Mr. Masterson is laid out and I jump over his squirming, headless corpse to the cooler in front of the counters. It’s mostly intact but a few bottles of water are missing. I’m amazed the thing hasn’t been pillaged altogether. I go for the water first and then the diet soda (What? Regular soda is disgusting no matter what) and the juice. There are some sports drinks in there too so I grab those and the monstrous vegan cookies that are, thank God, still in their wrappers. Ted is having trouble with the groaner behind the counter so I go to help him. Together it’s not a problem, and soon Ted is going for the upright cooler behind the counter where we keep the extra bottles.

“Water first, moron!” I shout through the muffling of the head wrap. He was reaching for the Mountain Dew.

While Ted fills up his bags I go back out around front to where the chips and candy are. I reach blindly for whatever I can get, shoveling candy bars and gum and Cheetohs into a new plastic bag. Once the display is empty I turn to help Ted bu out of the corner of my eye I see something, something I can’t resist.

Just to to the left and around the cash registers is the rest of the store and, more importantly, hundreds of bookshelves filled with books. The nights of unbridled tedium come tearing out of my subconscious. My focus is gone, I can’t concentrate, I need to get the books.

I set down the full bags and that’s my first mistake. With a quick glance in Ted’s direction, I can see that he’s still busy with the cooler so I jog over to the nearest bookcase and begin shoving books under my left arm, squeezing them against my side. It doesn’t matter what books they are, I just need them all. Dante, de Laclos, Austen, Dickens, all of them in my arms and the weight of them, the feel of the new, glossy covers on my fingers is beautiful.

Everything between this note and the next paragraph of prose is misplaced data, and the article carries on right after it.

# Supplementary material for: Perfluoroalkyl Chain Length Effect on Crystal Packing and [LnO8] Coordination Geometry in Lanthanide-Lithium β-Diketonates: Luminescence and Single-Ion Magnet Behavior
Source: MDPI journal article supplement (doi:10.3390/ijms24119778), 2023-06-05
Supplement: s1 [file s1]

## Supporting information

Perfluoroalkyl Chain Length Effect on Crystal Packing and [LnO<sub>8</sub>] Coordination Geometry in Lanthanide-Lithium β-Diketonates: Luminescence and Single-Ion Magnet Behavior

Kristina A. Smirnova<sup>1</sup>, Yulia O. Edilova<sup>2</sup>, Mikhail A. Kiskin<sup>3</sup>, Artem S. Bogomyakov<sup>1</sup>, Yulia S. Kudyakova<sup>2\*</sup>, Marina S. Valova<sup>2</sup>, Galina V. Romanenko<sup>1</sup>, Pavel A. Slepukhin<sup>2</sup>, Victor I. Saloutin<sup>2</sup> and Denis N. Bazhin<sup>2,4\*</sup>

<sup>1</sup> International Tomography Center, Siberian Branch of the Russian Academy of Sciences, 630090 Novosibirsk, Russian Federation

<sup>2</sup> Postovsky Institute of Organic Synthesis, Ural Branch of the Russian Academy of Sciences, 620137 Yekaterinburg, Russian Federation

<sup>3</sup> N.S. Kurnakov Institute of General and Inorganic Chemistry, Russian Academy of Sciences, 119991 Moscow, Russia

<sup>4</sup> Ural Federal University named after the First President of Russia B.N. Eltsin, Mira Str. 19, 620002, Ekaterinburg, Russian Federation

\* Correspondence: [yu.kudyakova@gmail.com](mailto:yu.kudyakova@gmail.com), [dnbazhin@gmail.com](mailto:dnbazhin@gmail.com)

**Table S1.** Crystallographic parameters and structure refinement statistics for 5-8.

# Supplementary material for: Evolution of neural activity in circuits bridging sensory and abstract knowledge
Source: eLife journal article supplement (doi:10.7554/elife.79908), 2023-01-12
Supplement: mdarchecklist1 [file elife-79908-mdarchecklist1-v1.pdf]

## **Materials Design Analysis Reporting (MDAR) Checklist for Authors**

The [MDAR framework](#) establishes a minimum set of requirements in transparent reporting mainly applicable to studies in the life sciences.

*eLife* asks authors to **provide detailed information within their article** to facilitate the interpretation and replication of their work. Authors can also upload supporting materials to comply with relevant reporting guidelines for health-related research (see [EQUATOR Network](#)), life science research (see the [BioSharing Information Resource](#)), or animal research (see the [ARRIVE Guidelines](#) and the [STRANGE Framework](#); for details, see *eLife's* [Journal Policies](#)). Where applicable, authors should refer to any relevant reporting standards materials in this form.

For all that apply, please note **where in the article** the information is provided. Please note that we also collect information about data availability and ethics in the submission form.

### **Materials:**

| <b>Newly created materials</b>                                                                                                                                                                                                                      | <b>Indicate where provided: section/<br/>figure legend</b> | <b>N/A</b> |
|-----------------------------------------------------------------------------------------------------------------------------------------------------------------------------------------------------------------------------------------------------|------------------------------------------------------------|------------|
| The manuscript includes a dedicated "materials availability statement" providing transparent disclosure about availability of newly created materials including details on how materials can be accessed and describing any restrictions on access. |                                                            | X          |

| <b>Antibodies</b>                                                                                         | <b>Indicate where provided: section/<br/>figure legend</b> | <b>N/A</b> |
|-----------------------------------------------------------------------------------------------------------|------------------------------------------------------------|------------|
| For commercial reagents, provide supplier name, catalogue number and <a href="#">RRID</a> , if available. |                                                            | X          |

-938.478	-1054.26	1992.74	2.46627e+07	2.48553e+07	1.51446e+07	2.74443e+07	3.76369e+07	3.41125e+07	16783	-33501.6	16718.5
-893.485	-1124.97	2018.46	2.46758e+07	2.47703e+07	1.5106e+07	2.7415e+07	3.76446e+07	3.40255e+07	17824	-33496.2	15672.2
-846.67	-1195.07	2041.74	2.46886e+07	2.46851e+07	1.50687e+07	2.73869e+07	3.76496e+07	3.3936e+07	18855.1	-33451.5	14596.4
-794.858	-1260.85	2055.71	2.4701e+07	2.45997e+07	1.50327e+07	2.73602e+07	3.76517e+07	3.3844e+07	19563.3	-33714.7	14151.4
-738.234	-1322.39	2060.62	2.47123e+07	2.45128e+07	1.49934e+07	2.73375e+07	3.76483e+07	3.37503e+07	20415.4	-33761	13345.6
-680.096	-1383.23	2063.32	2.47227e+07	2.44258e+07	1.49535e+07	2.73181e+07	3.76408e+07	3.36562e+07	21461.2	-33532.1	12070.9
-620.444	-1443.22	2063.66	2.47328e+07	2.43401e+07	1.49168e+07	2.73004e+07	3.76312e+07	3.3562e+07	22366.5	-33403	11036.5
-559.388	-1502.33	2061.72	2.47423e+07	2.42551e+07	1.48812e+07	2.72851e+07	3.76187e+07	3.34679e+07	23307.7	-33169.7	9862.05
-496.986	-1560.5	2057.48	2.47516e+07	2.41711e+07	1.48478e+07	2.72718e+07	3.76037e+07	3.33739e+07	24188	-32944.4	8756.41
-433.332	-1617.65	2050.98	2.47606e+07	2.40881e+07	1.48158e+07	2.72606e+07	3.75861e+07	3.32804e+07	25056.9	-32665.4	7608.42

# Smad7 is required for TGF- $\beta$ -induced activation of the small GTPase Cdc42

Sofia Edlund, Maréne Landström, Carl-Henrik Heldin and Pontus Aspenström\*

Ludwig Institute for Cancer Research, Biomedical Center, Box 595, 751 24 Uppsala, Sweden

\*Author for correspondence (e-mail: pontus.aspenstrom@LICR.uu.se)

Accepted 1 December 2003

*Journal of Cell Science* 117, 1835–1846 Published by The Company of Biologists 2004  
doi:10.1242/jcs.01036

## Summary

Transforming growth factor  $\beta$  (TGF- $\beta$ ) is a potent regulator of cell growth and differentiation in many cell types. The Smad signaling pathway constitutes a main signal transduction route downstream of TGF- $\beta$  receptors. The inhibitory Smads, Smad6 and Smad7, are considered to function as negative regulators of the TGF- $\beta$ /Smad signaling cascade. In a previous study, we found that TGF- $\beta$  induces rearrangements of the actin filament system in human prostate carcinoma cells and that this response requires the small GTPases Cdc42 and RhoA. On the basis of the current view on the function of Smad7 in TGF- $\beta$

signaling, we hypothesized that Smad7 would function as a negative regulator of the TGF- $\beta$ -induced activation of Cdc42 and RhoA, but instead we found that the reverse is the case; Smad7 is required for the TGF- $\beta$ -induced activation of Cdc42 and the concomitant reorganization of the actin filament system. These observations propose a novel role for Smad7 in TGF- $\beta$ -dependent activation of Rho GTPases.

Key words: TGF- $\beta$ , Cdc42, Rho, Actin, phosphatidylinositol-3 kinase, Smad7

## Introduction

Then I hear a sound, a terrible, hoarse sound from just to my left and I know then that I’ve made a stupid mistake. There are three of them, big, bigger than Mr. Masterson and they’ve somehow managed to stop groaning long enough to surprise me.

Oh fuck, I think, feeling the sweat pop out all over my face and neck, I’ve left the ax. And I had, it was back with the bags of food.

And everything was going so well.

I throw the nearest thing, a monster copy of Whitman’s collected works and it hits the closest zombie square in the face. It doesn’t stop them but it sure as hell slows them down. The tragedy of it is, I can’t keep all the books in my arms, an unforgivable oversight. I scramble back toward the cash registers and the food, panting like an idiot underneath the sweatshirt around my face. It’s hot as all hell in there and the sweat is pooling at my temples and dripping down my neck, joining the perspiration on my collarbone and the deafening thunder of my pulse. I can smell them, they’re way too close on my heels but I make it to the bags and shovel them into my arms.